For molecular orbital theory: How do you determine how many electrons occupy the anti bonding orbitals? Also, why does hydrogen gas have no anti bonding orbitals- if each atom's electrons form a molecular orbital, then their energy is reduced so where does the extra energy go ?
This is the MO diagram for Hydrogen. As you can see, for hydrogen atom, there is only 1 electron in the 1s orbital. Two hydrogens could come together to form a sigma bond, resulting in lowered energy. This doesn't mean that there is no sigma antiorbital, but rather due to the fact that hydrogen only contributes one electron each leading to a sum of two electrons, there are not enough electrons to fill the antiorbital, hence it is unfilled.
Now, imagine if it was helium instead. Helium has two 1s electrons, therefore, if two He atoms form a bond, 4 electrons has to be placed into the molecular orbitals. Since every orbital can hold a maximum of 2 electrons, two electrons would be in the sigma orbital, and the other two would be in the sigma antiorbital. An orbital and antiorbital would effectively cancel out, therefore, you see Helium exist in the monoatomic state.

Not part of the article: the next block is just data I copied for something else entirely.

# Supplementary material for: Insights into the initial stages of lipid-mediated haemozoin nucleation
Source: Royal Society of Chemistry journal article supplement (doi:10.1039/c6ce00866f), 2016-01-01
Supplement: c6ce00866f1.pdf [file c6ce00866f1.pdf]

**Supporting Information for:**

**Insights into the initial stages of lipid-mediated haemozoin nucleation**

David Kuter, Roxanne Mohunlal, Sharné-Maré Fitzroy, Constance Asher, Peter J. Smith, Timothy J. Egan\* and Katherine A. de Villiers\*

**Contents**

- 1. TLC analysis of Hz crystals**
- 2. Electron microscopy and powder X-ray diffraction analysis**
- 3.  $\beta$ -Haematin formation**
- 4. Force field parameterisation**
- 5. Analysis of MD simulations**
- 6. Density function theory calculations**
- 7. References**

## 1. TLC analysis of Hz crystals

It is many years since I did bonding theory, more than I care to remember. In the 1s orbtal there is only one electron and the volume occupied fills a large region of space. The anti bonding orbital may be very small. In the 2s orbital with 2 electrons the region of space exhibited by the bonding orbital is so large that the nodal plane of the anti bonding orbital lies within the domain of space occupied by the bonding orbital. See T W G Solomons, Fundamentals of Organic Chemistry, 1982. The illustration of the molecular orbitals in this way gives an insight into the relative size and reinforcement of orbitals in a way line diagrams do not. I hope this is helpful. Chris